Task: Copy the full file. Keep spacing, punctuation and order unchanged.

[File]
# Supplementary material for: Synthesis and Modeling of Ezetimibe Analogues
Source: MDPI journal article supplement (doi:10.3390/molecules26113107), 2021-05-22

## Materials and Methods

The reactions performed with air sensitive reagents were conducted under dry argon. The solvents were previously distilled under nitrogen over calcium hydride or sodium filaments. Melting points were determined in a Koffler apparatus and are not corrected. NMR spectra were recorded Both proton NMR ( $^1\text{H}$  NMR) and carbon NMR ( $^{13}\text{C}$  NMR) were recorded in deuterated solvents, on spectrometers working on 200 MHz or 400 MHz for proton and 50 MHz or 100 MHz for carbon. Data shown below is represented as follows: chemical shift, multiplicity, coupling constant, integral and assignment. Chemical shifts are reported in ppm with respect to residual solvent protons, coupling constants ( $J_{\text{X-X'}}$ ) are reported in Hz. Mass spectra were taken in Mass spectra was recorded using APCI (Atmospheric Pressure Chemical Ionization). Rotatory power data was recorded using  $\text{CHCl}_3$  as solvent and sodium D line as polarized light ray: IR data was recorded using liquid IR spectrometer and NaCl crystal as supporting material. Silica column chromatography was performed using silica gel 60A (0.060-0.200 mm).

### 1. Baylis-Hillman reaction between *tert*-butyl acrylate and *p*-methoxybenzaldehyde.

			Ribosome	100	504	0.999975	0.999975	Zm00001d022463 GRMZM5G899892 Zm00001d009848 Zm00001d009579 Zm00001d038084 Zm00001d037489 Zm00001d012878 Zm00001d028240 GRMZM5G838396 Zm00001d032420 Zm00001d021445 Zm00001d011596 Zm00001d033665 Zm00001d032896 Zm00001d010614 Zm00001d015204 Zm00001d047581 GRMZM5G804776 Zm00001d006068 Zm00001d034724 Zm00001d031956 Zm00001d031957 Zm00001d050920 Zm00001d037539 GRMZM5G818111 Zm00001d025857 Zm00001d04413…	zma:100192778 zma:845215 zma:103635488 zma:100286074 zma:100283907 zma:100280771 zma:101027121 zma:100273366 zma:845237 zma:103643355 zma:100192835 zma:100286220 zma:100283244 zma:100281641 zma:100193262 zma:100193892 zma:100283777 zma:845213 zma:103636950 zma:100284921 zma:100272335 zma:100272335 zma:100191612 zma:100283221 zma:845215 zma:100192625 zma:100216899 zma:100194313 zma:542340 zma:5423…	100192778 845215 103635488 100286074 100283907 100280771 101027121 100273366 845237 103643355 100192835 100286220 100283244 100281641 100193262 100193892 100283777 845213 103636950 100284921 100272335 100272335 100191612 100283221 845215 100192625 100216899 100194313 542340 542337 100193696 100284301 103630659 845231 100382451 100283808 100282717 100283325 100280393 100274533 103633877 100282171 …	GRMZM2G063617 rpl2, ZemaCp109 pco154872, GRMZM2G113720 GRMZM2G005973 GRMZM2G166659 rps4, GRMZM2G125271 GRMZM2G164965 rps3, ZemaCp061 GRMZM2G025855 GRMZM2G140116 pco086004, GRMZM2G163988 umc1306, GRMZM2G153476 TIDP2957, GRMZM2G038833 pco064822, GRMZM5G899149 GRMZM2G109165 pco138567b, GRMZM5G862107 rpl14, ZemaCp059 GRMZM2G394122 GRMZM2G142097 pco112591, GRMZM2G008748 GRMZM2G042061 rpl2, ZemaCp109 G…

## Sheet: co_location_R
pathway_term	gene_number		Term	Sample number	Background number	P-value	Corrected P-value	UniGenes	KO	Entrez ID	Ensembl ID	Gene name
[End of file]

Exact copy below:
# Supplementary material for: Synthesis and Modeling of Ezetimibe Analogues
Source: MDPI journal article supplement (doi:10.3390/molecules26113107), 2021-05-22

## Materials and Methods

The reactions performed with air sensitive reagents were conducted under dry argon. The solvents were previously distilled under nitrogen over calcium hydride or sodium filaments. Melting points were determined in a Koffler apparatus and are not corrected. NMR spectra were recorded Both proton NMR ( $^1\text{H}$  NMR) and carbon NMR ( $^{13}\text{C}$  NMR) were recorded in deuterated solvents, on spectrometers working on 200 MHz or 400 MHz for proton and 50 MHz or 100 MHz for carbon. Data shown below is represented as follows: chemical shift, multiplicity, coupling constant, integral and assignment. Chemical shifts are reported in ppm with respect to residual solvent protons, coupling constants ( $J_{\text{X-X'}}$ ) are reported in Hz. Mass spectra were taken in Mass spectra was recorded using APCI (Atmospheric Pressure Chemical Ionization). Rotatory power data was recorded using  $\text{CHCl}_3$  as solvent and sodium D line as polarized light ray: IR data was recorded using liquid IR spectrometer and NaCl crystal as supporting material. Silica column chromatography was performed using silica gel 60A (0.060-0.200 mm).

### 1. Baylis-Hillman reaction between *tert*-butyl acrylate and *p*-methoxybenzaldehyde.

			Ribosome	100	504	0.999975	0.999975	Zm00001d022463 GRMZM5G899892 Zm00001d009848 Zm00001d009579 Zm00001d038084 Zm00001d037489 Zm00001d012878 Zm00001d028240 GRMZM5G838396 Zm00001d032420 Zm00001d021445 Zm00001d011596 Zm00001d033665 Zm00001d032896 Zm00001d010614 Zm00001d015204 Zm00001d047581 GRMZM5G804776 Zm00001d006068 Zm00001d034724 Zm00001d031956 Zm00001d031957 Zm00001d050920 Zm00001d037539 GRMZM5G818111 Zm00001d025857 Zm00001d04413…	zma:100192778 zma:845215 zma:103635488 zma:100286074 zma:100283907 zma:100280771 zma:101027121 zma:100273366 zma:845237 zma:103643355 zma:100192835 zma:100286220 zma:100283244 zma:100281641 zma:100193262 zma:100193892 zma:100283777 zma:845213 zma:103636950 zma:100284921 zma:100272335 zma:100272335 zma:100191612 zma:100283221 zma:845215 zma:100192625 zma:100216899 zma:100194313 zma:542340 zma:5423…	100192778 845215 103635488 100286074 100283907 100280771 101027121 100273366 845237 103643355 100192835 100286220 100283244 100281641 100193262 100193892 100283777 845213 103636950 100284921 100272335 100272335 100191612 100283221 845215 100192625 100216899 100194313 542340 542337 100193696 100284301 103630659 845231 100382451 100283808 100282717 100283325 100280393 100274533 103633877 100282171 …	GRMZM2G063617 rpl2, ZemaCp109 pco154872, GRMZM2G113720 GRMZM2G005973 GRMZM2G166659 rps4, GRMZM2G125271 GRMZM2G164965 rps3, ZemaCp061 GRMZM2G025855 GRMZM2G140116 pco086004, GRMZM2G163988 umc1306, GRMZM2G153476 TIDP2957, GRMZM2G038833 pco064822, GRMZM5G899149 GRMZM2G109165 pco138567b, GRMZM5G862107 rpl14, ZemaCp059 GRMZM2G394122 GRMZM2G142097 pco112591, GRMZM2G008748 GRMZM2G042061 rpl2, ZemaCp109 G…

## Sheet: co_location_R
pathway_term	gene_number		Term	Sample number	Background number	P-value	Corrected P-value	UniGenes	KO	Entrez ID	Ensembl ID	Gene name